According to Dr. Cody Hochstenbach, an urban geographer at the University of Amsterdam, the housing situation is severe and has gotten worse recently. He claims “The number of homeless people has doubled, a quarter of renters have difficulty paying their bills, class gaps have been much more pronounced, and youth people are struggling, especially those with a limited wage, without affluent parents, or from challenging backgrounds.”

The apparent reason behind that is a lack of housing construction during the last ten years. Some people think that the free-market orientation of government, the sale of public housing, the elimination of a national housing ministry, investor-friendly policies, and Europe’s most generous mortgage interest tax relief—which resulted in one of the greatest levels of mortgage debt in the world—are additional causes.

According to Hochstenbach, “In the past 30 years, there has been a persistent set of policies centered on the concept of owning property, urging us all to purchase as strategic, calculated mini-capitalists. Individuals are urged to take out as much credit as they can. As a consequence, risks rise along with prices, keeping individuals in their properties if prices drop since they are unable to sell them without incurring debt. The Netherlands has a long history of providing public housing; it served as a model for cheap housing that is overseen by housing organizations across the world. Yet, politicians, particularly in the last ten years, have destroyed housing businesses.”

Tracing Its Causes

Real estate professionals believe that the government’s plans to govern rent for a larger portion of the Netherlands’ residential properties, or the “middle market,” could work against them by inducing stockholders to liquidate their holdings, driving up the cost of non-social rentals, and making home construction unprofitable. In addition to it, construction is allegedly being halted by regulation, including limitations on nitrogen emissions and energy efficiency standards.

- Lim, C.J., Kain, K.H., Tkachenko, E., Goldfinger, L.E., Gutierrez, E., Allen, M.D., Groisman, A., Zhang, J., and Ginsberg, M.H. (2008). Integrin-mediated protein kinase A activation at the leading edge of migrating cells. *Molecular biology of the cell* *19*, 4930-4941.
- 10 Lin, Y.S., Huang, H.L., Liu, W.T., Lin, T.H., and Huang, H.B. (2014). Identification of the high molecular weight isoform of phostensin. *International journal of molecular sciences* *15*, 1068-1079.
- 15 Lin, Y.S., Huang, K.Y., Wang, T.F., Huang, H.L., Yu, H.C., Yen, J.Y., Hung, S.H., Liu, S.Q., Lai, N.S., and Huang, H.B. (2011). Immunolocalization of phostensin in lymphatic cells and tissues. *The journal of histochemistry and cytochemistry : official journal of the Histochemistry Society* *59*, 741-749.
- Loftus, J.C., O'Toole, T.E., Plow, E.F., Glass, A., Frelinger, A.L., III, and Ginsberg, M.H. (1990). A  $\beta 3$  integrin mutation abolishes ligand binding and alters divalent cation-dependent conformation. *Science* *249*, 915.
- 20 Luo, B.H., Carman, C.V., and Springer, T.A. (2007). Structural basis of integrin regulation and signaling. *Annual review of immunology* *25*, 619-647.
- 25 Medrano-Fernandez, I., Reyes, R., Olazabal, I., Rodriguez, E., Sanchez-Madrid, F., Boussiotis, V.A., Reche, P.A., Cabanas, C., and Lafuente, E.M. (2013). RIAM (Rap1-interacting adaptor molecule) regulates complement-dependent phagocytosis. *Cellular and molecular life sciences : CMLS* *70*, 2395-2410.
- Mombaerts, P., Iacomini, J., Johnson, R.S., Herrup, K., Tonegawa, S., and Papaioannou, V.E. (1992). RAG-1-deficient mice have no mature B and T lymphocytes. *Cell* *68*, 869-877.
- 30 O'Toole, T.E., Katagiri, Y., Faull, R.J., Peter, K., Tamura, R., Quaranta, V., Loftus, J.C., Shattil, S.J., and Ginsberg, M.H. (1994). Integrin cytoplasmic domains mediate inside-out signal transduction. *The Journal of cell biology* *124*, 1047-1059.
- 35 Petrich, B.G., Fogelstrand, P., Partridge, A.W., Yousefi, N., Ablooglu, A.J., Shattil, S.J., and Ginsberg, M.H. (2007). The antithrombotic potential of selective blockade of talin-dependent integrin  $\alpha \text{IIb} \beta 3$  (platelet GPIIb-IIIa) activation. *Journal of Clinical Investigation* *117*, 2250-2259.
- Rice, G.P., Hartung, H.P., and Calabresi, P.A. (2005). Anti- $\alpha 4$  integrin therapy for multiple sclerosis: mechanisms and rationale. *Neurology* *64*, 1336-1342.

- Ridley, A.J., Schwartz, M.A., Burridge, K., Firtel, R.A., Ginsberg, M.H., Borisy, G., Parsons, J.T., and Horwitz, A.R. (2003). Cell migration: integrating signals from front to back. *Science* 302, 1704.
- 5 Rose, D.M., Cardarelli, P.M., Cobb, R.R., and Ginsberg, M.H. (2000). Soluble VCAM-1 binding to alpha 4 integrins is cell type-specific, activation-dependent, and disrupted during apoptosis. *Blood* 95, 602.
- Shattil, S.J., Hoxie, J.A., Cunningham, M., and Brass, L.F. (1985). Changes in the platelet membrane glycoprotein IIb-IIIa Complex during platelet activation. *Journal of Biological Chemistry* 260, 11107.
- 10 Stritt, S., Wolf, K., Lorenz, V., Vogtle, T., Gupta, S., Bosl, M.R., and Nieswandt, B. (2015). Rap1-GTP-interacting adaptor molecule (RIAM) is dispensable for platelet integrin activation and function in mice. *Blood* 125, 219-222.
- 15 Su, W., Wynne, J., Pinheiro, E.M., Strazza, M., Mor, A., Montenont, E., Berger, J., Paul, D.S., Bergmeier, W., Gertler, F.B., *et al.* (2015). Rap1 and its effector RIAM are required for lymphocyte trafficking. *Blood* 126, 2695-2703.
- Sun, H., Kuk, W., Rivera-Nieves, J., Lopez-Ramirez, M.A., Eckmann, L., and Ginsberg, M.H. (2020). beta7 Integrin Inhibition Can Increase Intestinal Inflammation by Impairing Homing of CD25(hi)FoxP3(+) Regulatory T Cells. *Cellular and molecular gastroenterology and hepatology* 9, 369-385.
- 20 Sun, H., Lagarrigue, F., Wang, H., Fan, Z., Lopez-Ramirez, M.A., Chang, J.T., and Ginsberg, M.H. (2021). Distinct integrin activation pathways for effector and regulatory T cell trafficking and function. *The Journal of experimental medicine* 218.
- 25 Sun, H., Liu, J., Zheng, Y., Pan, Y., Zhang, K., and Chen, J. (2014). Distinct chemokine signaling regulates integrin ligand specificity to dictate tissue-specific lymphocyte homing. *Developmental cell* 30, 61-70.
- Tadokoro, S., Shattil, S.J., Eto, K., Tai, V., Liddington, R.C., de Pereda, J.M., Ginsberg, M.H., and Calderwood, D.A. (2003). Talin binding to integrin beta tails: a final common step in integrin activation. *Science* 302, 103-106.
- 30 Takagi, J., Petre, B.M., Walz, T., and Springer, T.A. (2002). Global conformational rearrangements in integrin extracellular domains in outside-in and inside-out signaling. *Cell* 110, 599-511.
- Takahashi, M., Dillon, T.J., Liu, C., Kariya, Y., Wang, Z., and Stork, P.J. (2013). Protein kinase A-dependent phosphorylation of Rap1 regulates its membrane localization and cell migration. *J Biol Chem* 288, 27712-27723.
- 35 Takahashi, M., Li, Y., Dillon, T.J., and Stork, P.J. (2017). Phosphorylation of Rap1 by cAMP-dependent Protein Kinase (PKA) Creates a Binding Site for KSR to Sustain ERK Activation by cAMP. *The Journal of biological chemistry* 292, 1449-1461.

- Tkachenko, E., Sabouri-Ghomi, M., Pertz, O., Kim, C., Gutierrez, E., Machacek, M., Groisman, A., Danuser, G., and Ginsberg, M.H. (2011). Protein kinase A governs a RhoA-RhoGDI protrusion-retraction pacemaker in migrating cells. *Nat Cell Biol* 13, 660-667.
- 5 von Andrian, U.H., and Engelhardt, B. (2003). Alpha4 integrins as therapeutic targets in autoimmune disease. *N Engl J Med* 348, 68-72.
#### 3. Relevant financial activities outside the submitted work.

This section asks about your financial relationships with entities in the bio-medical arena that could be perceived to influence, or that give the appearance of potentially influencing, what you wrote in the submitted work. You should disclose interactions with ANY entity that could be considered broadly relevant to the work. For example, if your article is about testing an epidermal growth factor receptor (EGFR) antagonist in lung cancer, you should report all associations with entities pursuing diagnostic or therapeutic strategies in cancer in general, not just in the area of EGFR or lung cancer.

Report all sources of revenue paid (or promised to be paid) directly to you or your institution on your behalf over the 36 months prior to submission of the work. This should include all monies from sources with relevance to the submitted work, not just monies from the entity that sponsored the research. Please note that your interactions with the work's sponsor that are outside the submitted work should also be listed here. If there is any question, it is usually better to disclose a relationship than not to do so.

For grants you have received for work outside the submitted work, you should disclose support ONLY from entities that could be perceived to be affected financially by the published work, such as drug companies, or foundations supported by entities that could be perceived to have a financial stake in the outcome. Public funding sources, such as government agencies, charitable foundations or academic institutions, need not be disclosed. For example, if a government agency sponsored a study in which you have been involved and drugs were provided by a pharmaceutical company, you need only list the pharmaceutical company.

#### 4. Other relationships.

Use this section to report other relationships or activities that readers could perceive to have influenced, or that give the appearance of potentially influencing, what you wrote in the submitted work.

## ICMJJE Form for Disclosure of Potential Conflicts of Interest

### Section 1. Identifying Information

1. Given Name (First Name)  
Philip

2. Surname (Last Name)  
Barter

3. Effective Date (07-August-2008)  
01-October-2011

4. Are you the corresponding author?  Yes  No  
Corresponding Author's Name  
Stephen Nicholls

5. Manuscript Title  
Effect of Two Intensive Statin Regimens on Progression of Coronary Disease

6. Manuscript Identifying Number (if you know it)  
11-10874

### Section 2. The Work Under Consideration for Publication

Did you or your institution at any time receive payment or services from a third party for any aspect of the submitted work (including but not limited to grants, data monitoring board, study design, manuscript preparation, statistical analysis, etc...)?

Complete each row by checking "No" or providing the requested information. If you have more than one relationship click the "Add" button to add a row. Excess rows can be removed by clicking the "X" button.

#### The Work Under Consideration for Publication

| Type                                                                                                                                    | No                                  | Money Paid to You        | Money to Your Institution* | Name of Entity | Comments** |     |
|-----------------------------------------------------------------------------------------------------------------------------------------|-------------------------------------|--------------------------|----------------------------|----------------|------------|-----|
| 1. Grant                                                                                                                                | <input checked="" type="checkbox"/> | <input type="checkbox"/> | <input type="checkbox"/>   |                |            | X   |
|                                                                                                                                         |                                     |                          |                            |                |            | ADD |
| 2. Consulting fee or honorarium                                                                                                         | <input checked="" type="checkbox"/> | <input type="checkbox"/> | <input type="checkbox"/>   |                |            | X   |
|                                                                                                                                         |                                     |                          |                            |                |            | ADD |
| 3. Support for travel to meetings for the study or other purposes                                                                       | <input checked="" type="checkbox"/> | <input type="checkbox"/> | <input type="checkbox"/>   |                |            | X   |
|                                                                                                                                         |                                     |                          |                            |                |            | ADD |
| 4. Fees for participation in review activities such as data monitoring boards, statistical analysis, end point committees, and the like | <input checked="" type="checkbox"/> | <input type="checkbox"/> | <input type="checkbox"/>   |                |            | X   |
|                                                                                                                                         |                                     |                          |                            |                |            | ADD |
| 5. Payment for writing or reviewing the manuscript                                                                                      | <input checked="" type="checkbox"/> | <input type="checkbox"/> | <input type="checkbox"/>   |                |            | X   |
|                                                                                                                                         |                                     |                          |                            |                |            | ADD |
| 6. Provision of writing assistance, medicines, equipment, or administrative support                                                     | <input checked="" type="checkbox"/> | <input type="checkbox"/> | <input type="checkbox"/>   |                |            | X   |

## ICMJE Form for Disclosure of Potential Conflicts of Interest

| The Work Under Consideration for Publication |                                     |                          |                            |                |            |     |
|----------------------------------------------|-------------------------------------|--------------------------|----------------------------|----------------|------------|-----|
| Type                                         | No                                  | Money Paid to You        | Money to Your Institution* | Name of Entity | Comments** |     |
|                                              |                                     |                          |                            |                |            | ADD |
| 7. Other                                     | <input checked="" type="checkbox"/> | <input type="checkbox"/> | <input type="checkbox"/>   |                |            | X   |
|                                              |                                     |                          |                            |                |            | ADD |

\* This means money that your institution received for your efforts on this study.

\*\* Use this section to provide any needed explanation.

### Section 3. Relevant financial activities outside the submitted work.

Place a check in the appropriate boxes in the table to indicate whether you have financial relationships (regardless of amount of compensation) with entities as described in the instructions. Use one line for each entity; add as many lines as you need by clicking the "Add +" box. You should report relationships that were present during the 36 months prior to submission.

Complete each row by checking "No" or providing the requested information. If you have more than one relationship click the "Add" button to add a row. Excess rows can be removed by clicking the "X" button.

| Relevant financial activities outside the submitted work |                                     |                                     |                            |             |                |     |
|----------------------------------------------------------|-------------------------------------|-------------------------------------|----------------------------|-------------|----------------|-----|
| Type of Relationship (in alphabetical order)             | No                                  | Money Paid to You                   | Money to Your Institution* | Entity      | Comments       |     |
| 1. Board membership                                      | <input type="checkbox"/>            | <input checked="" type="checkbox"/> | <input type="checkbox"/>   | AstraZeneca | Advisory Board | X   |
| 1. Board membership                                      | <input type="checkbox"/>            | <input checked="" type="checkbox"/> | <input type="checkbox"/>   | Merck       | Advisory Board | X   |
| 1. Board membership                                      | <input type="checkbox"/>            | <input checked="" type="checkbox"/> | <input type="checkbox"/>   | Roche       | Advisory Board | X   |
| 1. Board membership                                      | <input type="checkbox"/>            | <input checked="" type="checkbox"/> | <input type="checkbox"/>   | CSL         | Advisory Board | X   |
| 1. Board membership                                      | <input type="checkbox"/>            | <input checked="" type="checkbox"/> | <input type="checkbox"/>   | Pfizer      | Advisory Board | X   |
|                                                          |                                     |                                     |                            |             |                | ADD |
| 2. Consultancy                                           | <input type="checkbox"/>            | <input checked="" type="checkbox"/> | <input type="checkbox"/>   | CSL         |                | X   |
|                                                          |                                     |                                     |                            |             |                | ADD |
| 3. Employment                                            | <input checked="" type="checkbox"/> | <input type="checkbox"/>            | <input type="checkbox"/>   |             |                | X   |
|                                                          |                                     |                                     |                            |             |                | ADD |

For a long time, the Netherlands has struggled with an excessive amount of nitrates in the air. Both farmers and their tractors, as well as building workers occasionally, were seen protesting in the streets because the government-imposed PFAS standards designed to address the unacceptably high quantities of nitrogen being released were highly objectionable to them. Reuters accounts that these laws forced the construction sector to postpone 18,000 building projects due to them violating EU legislation.

As per Ipso’s opinion researcher Sjoerd van Heck, accommodation is crucial in the provincial elections. He observes that while leftist parties relate it to the agriculture industry decreasing its nitrogen emissions to create more capacity for construction,  right-wing parties link it to immigration.